In The Know: Struggles at Oklahoma Department of Veterans Affairs start with staffing issues, payroll analysis indicates

In The KnowIn The Know is your daily briefing on Oklahoma policy-related news. Inclusion of a story does not necessarily mean endorsement by the Oklahoma Policy Institute. Click here to subscribe to In The Know and see past editions.

Check out OK Policy’s resources for the Legislative session, including the Legislative Primer and Online Budget Guide.

Today In The News

Struggles at Oklahoma Department of Veterans Affairs start with staffing issues, payroll analysis indicates: Imagine going to work at a company where nearly two-thirds of the workforce will have moved on in less than two years. That’s the reality at the Oklahoma Department of Veterans Affairs, where the turnover rate was 62 percent between 2014 and 2016, according to a Tulsa World analysis of payroll data. The high turnover, coupled with overtime cuts and a recent increase in part-time staff hours worked, has put a squeeze on current agency staff, the data suggests [Tulsa World].

Legislature again takes up the shrinking county tax giveaway: One of the worst legislative ideas we’ve ever seen — the shrinking county tax giveaway — has reared its ugly head again this year. House Bill 1156 would give a 100 percent income-tax exemption for five years to anyone who moves from outside the state to an Oklahoma county with a shrinking population. So, if someone moved from Coffeyville, Kansas, to South Coffeyville, for example, we’d forgive their taxes for five years [Editorial Board / Tulsa World].

Four Weeks into the Session, a Closer Look at Where Things Stand: State lawmakers are officially at the one-quarter point of this year’s legislative session after wrapping up four weeks’ worth of work. So far only one bill – the Real ID compliance act – has made it through the Legislature and been signed into law by Gov. Mary Fallin. And there remains plenty to do to find a solution to the state’s $878 million budget gap and tackle the hundreds of bills that remain at alive this point. Here are five takeaways from what the Legislature has accomplished so far and what is on the horizon for coming weeks and months [Oklahoma Watch].

The progressive case for increasing the cigarette tax: Out of all the revenue options that Oklahoma has to fix a deep budget hole, the one getting the most attention from legislative leaders is increasing the cigarette tax. Last year’s attempt to increase the cigarette tax received a majority of votes in the House, but it fell short of the three-fourths supermajority required by State Question 640 for any tax increase, with Democrats making up the biggest block of no votes. The Republican leadership is trying again this year for a $1.50 per package increase in the cigarette tax with HB 1841, but to get it done they will need some votes from House Democrats [OK Policy].

Important to properly fund Oklahoma mental health agency: In a brave and poignant remembrance, The Oklahoman’s food editor, Dave Cathey, wrote last week about losing his 19-year-old son, Luke, to an accidental drug overdose. “The rising presence of opioids in our society is truly a scourge,” Cathey wrote. “His family’s only plea is that his passing be a stone in the path to a solution.” To which we say, from his lips to legislators’ ears. Oklahoma faces numerous important issues, not the least of which is the budget — the Legislature this year has $878 million less to work with than it did a year ago, when the shortfall topped $1 billion. This means exceedingly difficult choices await, with cuts to most agencies a certainty, just like last year [Editorial Board / NewsOK].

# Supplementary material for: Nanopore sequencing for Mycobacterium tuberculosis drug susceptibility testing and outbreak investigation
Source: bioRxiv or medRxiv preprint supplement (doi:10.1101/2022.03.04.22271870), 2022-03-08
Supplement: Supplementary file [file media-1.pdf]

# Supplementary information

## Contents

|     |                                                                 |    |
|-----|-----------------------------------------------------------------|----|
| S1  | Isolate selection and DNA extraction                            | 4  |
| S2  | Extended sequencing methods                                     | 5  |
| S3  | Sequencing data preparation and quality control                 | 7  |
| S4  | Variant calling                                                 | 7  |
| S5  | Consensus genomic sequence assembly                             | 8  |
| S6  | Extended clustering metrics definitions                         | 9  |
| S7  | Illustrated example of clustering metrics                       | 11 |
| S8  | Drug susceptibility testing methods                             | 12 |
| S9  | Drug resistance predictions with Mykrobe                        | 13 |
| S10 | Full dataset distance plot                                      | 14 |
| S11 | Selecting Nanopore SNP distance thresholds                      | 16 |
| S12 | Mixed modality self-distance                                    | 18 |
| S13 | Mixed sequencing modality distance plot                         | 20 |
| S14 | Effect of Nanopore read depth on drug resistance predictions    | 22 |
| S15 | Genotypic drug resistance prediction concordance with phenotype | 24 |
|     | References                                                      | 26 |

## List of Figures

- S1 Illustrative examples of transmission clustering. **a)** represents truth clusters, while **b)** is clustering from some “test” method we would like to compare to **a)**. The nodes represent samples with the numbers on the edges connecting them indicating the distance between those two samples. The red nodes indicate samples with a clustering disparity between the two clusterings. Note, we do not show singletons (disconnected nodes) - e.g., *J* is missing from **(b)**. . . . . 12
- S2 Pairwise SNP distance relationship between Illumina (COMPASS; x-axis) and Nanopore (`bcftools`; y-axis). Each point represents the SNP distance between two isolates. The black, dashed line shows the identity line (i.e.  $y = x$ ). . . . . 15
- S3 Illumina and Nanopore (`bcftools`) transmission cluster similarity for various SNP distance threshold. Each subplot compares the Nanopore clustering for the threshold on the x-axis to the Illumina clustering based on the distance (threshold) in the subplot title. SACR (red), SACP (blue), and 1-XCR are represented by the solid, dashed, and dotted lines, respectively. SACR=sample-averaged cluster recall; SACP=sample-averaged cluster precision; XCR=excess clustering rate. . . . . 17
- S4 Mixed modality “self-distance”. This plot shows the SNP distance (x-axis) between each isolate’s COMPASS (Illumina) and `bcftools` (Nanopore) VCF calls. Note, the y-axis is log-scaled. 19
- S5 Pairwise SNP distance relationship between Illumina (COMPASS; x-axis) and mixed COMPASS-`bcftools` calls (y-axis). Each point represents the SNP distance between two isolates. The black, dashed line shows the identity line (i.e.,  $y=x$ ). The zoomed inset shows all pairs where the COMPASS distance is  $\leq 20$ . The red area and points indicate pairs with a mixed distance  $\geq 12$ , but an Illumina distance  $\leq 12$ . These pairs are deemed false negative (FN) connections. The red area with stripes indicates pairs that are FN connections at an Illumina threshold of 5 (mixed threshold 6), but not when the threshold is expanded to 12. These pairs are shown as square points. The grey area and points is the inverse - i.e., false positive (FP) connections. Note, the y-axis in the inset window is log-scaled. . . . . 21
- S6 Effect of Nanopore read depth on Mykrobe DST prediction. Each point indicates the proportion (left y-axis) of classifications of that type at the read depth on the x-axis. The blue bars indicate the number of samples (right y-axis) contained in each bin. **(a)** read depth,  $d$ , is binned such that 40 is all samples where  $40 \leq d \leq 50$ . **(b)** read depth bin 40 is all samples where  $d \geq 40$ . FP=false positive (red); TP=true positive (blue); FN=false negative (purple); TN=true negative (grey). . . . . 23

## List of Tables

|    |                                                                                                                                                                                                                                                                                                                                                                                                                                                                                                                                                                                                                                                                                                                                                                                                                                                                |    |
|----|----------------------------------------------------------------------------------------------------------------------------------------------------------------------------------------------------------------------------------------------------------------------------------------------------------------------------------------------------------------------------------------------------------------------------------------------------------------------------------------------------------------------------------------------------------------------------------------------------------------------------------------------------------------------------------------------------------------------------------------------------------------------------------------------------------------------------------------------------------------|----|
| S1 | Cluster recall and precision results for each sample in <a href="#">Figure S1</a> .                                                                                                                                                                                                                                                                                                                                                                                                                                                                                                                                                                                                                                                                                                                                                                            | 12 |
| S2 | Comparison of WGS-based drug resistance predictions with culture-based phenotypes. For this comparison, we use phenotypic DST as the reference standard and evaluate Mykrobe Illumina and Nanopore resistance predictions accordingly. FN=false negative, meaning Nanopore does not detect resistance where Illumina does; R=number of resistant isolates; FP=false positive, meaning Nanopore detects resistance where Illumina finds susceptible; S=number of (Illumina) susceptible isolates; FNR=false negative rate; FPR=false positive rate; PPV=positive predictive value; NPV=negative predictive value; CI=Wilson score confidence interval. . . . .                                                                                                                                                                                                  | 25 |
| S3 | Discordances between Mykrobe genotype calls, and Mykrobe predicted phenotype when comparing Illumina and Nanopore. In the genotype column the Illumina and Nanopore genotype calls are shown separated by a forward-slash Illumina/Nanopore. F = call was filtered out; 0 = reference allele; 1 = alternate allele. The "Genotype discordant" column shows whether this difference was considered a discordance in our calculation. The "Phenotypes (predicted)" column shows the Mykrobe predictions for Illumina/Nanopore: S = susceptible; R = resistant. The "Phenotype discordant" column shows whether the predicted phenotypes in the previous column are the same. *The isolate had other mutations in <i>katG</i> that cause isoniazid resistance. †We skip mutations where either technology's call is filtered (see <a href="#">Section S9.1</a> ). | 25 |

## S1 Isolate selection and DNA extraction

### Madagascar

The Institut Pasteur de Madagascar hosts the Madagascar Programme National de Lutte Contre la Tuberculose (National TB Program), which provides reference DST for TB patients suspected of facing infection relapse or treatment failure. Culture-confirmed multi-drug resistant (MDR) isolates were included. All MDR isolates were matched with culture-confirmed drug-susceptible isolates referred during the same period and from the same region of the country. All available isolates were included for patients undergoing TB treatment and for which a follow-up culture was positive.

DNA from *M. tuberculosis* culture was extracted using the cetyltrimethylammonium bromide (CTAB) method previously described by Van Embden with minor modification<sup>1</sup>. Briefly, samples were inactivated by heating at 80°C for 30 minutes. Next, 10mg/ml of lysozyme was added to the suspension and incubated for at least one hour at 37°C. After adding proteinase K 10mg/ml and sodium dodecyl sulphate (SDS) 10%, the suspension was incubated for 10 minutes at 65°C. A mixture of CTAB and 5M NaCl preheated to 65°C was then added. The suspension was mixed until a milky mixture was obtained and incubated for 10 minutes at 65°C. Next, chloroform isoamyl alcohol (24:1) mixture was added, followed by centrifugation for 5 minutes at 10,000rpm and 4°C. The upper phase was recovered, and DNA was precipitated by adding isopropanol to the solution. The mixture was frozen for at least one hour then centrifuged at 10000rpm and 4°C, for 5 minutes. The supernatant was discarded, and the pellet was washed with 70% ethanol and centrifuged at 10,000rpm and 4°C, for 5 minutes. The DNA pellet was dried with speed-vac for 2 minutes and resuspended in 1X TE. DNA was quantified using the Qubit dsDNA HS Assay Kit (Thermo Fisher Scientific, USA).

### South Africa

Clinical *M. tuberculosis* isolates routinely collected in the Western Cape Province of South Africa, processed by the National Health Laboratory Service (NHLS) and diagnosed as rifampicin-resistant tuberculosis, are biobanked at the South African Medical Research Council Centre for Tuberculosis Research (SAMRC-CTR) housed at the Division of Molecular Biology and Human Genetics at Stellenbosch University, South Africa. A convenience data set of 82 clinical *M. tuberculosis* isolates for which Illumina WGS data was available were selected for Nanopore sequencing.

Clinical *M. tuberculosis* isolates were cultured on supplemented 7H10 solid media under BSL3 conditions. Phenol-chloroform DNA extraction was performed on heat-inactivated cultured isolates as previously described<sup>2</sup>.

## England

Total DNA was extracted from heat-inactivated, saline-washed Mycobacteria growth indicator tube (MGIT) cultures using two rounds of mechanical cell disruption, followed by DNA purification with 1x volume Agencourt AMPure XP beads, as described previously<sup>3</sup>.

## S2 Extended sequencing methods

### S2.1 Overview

Oklahoma House passes anti-assisted-suicide bill: The Oklahoma House of Representatives spent 90 minutes Monday arguing about whether something that is already illegal should be even more illegal and finally decided the answer is yes. The House voted 62-26, with 11 members not voting, to send House Bill 1495, by Rep. Travis Dunlap, R-Bartlesville, to the Senate. The bill would require death certificates to list “suicide” as the cause of death in cases of assisted suicide [Tulsa World].

Here’s how HB 1482 would affect the Tulsa area: Last Monday, NonDoc published an editorial about Rep. Scott Biggs’ (R-Chickasha) contentious piece of legislation, HB 1482. The bill would essentially make simple drug possession a possible felony if individuals are busted within 1,000 feet of daycares, schools, colleges, churches, parks and several other public spaces. Oklahomans for Criminal Justice Reform (OCJR) provided a map graphic that we used to accompany the editorial. The map draws upon U.S. Census and other data to create a visualization of the areas of Oklahoma City that would be affected if HB 1482 eventually passes and becomes law [NonDoc]. Read our factsheet and advocacy alert on HB 1482 [OK Policy].

Lawmaker aims to study inmate deaths at jails, prisons: As Oklahoma hovers near the top of the list for inmate deaths, one legislator is pushing to figure out why. “We’re trying to get a handle on why we’re losing people while they’re behind bars,” said state Sen. A.J. Griffin, R-Guthrie. “Anytime we have a vulnerable population, I think it’s important for us to take a systemic look.” She introduced Senate Bill 250, which would have required the Oklahoma State Bureau of Investigation to look into any death in Oklahoma’s county jails and state prisons. But once the bureau raised some logistical concerns, lawmakers started looking into alternatives, Griffin said [Journal Record].